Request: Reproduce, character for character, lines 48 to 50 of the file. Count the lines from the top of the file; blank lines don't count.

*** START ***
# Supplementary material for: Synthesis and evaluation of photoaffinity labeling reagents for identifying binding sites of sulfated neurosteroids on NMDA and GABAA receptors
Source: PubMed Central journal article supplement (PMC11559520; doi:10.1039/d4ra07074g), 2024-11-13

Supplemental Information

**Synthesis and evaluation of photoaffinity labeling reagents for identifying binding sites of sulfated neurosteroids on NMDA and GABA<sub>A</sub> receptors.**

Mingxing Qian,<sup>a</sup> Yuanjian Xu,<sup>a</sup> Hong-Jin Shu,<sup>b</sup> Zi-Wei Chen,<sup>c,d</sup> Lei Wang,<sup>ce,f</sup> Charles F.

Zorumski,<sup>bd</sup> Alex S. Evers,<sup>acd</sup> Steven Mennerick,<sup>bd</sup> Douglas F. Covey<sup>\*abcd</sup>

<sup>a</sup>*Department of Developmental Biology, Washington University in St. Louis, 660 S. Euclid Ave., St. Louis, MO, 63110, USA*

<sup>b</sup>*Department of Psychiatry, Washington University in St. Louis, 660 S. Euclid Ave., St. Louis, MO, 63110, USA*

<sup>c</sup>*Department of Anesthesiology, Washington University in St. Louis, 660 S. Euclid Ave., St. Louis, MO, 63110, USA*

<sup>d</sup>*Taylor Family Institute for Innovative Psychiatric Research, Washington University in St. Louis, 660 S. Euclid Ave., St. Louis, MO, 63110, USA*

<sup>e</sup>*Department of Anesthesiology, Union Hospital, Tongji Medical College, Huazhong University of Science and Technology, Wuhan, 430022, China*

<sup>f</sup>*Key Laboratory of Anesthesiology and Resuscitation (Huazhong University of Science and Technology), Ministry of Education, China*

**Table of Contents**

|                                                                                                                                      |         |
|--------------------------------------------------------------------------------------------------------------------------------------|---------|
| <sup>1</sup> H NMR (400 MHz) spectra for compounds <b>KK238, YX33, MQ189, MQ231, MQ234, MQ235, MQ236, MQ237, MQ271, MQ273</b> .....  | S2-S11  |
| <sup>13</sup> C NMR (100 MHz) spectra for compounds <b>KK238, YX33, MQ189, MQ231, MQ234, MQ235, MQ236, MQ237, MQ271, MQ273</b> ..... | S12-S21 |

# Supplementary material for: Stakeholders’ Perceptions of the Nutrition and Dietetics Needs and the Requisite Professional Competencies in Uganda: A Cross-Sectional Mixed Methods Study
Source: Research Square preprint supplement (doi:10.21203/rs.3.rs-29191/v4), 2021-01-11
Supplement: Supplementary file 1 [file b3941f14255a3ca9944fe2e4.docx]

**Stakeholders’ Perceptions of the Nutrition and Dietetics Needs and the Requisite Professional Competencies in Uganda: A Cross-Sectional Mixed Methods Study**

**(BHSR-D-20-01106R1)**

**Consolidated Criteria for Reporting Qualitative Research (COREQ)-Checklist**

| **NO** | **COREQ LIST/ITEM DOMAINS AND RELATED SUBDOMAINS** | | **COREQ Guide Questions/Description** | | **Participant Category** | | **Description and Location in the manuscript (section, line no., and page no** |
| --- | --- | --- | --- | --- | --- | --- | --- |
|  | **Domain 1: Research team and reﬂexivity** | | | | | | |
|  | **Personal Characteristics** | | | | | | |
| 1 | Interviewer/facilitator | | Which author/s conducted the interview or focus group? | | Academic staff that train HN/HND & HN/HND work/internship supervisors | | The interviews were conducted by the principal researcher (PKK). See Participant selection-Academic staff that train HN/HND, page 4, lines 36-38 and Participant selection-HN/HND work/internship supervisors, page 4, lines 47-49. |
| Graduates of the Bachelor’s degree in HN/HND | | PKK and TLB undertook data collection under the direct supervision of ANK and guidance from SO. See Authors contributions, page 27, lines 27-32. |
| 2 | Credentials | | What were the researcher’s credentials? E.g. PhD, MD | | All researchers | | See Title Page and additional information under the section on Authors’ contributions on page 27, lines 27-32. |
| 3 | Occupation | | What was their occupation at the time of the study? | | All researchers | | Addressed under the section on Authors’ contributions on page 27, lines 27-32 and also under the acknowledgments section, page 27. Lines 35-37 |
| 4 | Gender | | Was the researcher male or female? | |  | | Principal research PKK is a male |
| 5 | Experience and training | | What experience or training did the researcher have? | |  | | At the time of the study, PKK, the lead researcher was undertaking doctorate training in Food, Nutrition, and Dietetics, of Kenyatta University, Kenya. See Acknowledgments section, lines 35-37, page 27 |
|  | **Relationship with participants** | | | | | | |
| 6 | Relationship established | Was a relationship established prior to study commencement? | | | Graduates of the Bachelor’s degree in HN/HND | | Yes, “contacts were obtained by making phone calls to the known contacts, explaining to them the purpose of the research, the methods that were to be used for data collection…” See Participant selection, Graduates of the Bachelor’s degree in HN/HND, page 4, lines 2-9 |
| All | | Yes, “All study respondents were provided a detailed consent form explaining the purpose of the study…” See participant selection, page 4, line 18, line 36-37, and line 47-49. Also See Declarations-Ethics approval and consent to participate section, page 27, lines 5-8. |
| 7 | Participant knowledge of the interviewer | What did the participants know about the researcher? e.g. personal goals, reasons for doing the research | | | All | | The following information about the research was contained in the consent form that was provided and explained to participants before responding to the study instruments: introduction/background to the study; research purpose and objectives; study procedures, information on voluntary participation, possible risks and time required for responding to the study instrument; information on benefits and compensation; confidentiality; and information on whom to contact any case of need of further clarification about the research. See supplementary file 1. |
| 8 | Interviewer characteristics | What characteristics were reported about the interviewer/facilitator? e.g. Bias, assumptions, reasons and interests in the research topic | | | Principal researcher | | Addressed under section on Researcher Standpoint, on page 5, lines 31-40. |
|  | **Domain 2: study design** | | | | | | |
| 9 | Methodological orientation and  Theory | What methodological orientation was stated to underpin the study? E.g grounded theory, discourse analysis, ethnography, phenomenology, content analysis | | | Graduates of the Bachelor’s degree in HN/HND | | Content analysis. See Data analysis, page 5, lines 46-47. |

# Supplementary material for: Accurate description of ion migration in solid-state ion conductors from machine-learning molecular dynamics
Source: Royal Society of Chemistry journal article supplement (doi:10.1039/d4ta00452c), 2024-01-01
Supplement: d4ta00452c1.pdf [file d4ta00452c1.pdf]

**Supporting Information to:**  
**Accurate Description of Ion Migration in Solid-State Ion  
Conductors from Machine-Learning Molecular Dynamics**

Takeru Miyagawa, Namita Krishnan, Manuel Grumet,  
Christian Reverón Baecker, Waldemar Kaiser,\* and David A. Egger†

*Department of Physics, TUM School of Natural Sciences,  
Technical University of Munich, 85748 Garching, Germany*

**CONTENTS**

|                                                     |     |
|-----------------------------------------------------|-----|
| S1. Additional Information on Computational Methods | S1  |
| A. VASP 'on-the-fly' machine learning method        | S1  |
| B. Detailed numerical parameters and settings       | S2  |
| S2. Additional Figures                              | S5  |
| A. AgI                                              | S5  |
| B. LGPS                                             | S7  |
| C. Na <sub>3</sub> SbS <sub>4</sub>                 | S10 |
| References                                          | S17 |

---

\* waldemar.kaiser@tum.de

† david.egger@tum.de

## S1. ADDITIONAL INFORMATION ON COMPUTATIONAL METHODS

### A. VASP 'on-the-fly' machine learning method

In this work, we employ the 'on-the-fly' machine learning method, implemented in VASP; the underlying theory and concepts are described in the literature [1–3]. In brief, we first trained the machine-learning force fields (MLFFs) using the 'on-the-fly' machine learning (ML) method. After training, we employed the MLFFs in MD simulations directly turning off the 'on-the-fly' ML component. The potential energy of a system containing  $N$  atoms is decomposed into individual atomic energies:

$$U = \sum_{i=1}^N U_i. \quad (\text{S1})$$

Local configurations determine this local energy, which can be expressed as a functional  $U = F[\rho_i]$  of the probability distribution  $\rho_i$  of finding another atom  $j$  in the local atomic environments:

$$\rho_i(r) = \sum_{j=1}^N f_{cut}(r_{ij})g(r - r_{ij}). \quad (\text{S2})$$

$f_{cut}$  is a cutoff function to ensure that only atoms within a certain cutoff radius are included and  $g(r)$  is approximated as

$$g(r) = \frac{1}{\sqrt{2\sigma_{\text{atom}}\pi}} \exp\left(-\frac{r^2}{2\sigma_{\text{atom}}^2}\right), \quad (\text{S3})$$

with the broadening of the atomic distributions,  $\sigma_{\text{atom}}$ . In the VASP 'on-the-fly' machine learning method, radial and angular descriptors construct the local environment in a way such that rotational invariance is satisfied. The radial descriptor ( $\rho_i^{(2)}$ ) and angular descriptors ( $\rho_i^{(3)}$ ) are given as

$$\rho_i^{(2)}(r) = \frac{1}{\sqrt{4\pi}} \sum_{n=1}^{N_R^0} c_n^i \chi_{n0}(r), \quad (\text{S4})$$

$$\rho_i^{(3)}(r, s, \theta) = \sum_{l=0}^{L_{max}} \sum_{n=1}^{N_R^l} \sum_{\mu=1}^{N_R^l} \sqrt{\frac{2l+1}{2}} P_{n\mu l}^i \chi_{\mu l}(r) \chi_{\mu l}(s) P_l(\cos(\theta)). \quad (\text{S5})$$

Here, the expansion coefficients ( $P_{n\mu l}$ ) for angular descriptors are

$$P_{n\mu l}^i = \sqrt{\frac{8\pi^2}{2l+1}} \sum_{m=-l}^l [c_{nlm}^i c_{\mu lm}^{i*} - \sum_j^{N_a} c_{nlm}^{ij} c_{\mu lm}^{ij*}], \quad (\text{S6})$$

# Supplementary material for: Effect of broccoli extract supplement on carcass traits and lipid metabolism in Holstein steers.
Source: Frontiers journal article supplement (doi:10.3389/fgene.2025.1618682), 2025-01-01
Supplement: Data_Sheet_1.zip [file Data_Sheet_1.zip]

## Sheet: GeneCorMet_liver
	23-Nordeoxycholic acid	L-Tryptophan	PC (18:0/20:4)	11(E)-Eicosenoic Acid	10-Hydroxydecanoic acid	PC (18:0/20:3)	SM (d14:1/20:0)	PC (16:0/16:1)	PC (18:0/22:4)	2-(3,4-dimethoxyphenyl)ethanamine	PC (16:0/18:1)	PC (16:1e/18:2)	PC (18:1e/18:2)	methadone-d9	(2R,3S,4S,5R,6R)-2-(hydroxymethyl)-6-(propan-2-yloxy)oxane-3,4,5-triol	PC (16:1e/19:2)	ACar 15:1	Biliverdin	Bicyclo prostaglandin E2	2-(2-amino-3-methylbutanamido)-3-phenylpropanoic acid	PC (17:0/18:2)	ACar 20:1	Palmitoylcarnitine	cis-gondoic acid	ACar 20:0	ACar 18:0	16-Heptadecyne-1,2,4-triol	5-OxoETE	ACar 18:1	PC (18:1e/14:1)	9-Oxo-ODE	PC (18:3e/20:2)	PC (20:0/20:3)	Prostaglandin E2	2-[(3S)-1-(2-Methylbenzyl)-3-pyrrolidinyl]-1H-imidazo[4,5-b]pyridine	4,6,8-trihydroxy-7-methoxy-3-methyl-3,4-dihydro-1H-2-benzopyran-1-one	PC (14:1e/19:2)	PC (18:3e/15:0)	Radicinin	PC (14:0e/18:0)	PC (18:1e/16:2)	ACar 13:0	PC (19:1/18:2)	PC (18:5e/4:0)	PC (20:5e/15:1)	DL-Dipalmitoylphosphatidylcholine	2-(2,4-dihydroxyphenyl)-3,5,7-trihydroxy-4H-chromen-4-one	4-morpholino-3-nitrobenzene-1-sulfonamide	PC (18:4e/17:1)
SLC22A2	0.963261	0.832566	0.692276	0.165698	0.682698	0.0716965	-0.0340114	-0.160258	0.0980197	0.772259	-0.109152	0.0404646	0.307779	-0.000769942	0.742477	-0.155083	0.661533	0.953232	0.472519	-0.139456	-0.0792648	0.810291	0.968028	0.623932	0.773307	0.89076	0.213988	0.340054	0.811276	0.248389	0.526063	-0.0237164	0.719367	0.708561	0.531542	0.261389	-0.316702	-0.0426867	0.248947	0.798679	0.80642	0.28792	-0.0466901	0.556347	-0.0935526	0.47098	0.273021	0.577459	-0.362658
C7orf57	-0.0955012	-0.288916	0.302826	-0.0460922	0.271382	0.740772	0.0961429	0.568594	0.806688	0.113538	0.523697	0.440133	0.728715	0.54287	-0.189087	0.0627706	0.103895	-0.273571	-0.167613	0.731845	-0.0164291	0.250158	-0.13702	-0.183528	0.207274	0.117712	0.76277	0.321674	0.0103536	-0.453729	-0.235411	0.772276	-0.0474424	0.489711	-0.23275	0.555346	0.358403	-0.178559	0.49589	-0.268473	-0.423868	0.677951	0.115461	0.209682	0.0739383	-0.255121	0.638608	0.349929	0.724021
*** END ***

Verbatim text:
Christian Reverón Baecker, Waldemar Kaiser,\* and David A. Egger†

*Department of Physics, TUM School of Natural Sciences,  
Technical University of Munich, 85748 Garching, Germany*